A slew of articles have appeared recently in foreign press, including Time Magazine, Foreign Affairs and The Economist, on the Indian Prime Minister Manmohan Singh’s leadership abilities. After the departure of Pranab Mukherjee from the finance ministry, the PM has taken over his original job. He is credited for having fathered the economic liberalisation process in India as finance minister in the 1990s. However, somewhere between the criticism and counter-criticism and the rhetoric on good and bad economics, people seem to have missed the original reason for the mess in the Singh government. One of the first agencies to criticise the government was Standard and Poor’s (S&P), which pointed out 10 reasons for a possible downgrading of India’s credit ratings. Five of these reasons were clearly political: divided leadership, Sonia Gandhi holding no cabinet position, an unelected PM who has no political base, his limited influence over the cabinet, and the Congress party being divided on economic policies.
HOW MANY more deaths will it take for the Meghalaya government to wake up to the reality of child-miners in the rat-hole mines of the state? On 9 July, 15 young lives were lost in the rat-holes in south Garo Hills. Trapped in the mines after rainwater flooded them, all hope of a rescue was lost. As this goes to press, authorities are still searching for bodies.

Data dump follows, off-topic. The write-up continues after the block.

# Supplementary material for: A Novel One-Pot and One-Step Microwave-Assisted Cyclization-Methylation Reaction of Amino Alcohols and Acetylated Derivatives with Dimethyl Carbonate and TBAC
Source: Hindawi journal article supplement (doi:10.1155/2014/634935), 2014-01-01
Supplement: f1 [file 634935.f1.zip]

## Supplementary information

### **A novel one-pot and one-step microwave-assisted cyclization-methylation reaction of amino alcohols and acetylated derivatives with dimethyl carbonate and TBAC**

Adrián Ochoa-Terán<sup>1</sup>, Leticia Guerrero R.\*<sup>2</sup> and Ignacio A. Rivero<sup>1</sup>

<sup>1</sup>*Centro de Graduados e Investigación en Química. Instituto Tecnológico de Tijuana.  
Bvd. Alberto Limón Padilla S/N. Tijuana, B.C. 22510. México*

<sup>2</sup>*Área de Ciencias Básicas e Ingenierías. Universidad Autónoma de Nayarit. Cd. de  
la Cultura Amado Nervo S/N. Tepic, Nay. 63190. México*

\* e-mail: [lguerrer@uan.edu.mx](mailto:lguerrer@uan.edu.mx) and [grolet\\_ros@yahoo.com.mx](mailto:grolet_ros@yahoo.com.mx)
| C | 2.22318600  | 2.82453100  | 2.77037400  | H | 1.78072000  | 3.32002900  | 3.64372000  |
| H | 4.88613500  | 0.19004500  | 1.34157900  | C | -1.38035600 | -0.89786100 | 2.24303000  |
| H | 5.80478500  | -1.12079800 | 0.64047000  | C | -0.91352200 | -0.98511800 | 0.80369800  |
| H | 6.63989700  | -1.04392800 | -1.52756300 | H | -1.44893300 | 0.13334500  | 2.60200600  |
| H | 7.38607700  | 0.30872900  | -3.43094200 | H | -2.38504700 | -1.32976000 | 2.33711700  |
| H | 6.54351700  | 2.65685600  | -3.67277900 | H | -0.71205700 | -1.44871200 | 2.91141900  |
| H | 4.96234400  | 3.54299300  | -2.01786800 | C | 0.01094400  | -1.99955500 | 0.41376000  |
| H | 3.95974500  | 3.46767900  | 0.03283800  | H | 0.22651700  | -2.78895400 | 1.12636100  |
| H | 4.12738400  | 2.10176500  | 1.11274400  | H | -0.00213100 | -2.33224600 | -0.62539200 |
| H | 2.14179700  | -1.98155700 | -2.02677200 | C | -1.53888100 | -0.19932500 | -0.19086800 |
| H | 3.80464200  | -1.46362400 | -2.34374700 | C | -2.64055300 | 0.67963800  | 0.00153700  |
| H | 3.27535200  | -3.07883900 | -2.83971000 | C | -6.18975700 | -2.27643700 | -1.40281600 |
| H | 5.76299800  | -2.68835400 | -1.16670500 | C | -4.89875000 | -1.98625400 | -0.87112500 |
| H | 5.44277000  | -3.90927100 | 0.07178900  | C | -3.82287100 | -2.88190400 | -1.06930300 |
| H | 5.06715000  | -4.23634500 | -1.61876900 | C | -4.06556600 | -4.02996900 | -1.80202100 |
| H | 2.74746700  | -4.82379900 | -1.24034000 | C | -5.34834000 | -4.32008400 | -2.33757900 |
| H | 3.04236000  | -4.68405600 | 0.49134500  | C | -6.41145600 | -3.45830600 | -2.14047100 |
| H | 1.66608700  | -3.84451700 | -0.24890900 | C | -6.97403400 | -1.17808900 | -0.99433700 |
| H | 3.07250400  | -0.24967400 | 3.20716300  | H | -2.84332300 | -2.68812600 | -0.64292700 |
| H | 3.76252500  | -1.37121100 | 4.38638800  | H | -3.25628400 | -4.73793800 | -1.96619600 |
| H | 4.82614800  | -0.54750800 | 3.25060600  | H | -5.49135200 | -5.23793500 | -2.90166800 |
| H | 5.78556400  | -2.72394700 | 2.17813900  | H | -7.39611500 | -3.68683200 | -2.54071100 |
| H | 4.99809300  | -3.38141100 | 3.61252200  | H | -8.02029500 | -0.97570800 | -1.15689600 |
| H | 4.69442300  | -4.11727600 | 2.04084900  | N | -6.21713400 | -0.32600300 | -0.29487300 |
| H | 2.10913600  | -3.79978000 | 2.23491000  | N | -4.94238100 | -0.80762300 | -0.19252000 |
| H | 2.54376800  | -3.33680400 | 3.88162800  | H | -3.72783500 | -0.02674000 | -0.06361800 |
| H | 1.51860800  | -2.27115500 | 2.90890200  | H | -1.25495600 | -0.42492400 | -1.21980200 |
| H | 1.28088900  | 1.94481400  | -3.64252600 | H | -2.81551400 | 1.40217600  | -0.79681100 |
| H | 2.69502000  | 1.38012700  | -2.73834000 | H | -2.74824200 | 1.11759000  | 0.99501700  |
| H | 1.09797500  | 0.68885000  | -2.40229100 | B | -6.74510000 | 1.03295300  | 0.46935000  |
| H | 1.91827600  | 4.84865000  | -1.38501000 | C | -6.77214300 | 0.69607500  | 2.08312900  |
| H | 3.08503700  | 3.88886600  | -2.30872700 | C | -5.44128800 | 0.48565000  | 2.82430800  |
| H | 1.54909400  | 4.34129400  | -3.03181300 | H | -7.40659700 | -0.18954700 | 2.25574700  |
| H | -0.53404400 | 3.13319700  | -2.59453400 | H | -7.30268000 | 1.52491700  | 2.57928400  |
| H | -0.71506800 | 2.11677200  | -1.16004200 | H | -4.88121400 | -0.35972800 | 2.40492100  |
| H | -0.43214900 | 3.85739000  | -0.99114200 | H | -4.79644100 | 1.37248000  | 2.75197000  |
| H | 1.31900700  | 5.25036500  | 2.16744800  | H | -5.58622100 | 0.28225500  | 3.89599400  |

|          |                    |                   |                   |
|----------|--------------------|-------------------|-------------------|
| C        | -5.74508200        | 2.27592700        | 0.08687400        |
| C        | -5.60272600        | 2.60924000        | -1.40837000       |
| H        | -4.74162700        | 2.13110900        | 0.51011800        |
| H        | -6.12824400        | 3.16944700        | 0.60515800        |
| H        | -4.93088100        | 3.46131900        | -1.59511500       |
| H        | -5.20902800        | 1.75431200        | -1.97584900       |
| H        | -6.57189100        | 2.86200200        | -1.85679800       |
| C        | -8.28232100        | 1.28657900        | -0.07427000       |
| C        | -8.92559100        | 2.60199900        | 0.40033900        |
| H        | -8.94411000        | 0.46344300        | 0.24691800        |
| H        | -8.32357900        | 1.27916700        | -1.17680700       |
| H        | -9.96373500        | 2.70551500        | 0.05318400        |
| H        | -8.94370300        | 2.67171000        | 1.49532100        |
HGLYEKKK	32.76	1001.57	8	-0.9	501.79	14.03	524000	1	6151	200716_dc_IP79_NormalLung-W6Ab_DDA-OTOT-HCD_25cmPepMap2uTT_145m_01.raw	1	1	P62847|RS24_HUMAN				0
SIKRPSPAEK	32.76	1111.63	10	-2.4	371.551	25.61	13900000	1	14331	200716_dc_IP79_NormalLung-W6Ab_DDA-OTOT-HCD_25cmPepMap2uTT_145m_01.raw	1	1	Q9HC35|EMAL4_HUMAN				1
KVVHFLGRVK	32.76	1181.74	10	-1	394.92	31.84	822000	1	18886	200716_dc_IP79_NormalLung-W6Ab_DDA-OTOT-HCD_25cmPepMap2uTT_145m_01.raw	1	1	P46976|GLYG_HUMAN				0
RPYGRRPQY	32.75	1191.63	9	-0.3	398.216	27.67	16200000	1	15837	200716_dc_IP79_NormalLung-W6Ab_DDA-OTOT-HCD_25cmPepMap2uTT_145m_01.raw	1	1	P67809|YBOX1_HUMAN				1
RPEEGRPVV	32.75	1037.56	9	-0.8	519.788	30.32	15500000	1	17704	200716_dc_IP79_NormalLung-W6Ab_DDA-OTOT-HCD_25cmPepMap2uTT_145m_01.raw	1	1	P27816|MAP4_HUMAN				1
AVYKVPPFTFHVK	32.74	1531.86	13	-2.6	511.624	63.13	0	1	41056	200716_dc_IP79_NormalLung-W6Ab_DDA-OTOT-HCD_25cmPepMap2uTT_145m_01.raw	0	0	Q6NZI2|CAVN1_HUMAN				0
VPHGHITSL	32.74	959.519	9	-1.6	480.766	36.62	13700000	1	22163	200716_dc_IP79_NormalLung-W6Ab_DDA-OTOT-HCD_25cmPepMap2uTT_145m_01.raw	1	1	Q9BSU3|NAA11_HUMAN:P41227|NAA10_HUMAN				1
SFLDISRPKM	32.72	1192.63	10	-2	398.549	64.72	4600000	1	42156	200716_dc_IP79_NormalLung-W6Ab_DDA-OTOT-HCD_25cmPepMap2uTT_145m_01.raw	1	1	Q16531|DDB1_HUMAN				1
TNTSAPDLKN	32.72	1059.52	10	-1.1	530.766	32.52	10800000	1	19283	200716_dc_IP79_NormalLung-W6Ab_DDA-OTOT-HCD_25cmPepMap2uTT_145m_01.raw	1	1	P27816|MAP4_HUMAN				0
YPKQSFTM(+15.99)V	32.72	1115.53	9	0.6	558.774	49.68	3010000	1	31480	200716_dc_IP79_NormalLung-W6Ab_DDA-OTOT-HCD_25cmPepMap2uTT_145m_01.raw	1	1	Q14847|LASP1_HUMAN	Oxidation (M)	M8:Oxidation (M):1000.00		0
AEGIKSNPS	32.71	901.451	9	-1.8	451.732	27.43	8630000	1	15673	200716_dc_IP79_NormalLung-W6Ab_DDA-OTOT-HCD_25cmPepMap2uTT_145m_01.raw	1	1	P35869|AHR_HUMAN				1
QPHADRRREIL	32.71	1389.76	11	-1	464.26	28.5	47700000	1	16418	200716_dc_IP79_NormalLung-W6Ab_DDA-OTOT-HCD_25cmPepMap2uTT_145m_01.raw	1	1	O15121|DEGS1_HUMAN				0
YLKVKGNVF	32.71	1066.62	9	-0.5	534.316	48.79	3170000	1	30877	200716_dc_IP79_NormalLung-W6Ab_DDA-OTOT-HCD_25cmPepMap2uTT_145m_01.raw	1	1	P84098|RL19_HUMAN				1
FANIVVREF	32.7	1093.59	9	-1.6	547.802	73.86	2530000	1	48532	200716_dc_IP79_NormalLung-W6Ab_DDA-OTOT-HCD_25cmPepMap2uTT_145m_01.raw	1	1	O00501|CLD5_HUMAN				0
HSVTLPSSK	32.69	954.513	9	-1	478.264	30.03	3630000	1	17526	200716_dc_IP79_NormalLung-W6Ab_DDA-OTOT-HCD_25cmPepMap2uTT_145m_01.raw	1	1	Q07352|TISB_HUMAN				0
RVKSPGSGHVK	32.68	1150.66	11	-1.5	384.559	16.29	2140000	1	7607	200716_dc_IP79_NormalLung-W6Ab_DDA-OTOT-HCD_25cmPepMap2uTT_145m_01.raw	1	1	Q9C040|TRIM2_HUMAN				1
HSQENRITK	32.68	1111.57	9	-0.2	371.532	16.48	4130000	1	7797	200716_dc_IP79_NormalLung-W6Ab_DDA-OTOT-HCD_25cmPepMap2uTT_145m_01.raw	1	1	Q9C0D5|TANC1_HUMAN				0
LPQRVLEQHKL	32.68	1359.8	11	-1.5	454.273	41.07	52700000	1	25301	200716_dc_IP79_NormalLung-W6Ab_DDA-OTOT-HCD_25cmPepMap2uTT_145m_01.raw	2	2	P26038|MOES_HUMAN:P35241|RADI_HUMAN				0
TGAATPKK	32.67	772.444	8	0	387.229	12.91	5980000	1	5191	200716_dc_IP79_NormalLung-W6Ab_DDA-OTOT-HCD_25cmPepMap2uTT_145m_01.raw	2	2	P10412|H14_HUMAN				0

ON 17 JUNE, which ironically was Father’s Day, Aagar Singh Solanki beheaded his 18-year-old daughter Manju with a sword. He then walked around Dungarji ka Guda village of Rajsamand district, 400 km from Rajasthan capital Jaipur, with the decapitated head and the sword, warning others against following his daughter’s footsteps. Later, he surrendered at the local police station.
DRIVING SOUTHEAST of Bikaner, Rajasthan, all that meets one’s eyes is the sand and shrubs. Vegetation is scarce, agriculture of any kind non-existent and the only green one can see are a few patches of grass in the sand. Two hours ahead, taking a left from the NH-65, on the road to Didwana, the dry brown landscape suddenly changes colour. Olive trees, around 14,000 of them spread across 30 hectares, dot the desert land. This is the Bakliya farms, one of seven such farms in Rajasthan, result of an Indo-Israeli agricultural venture.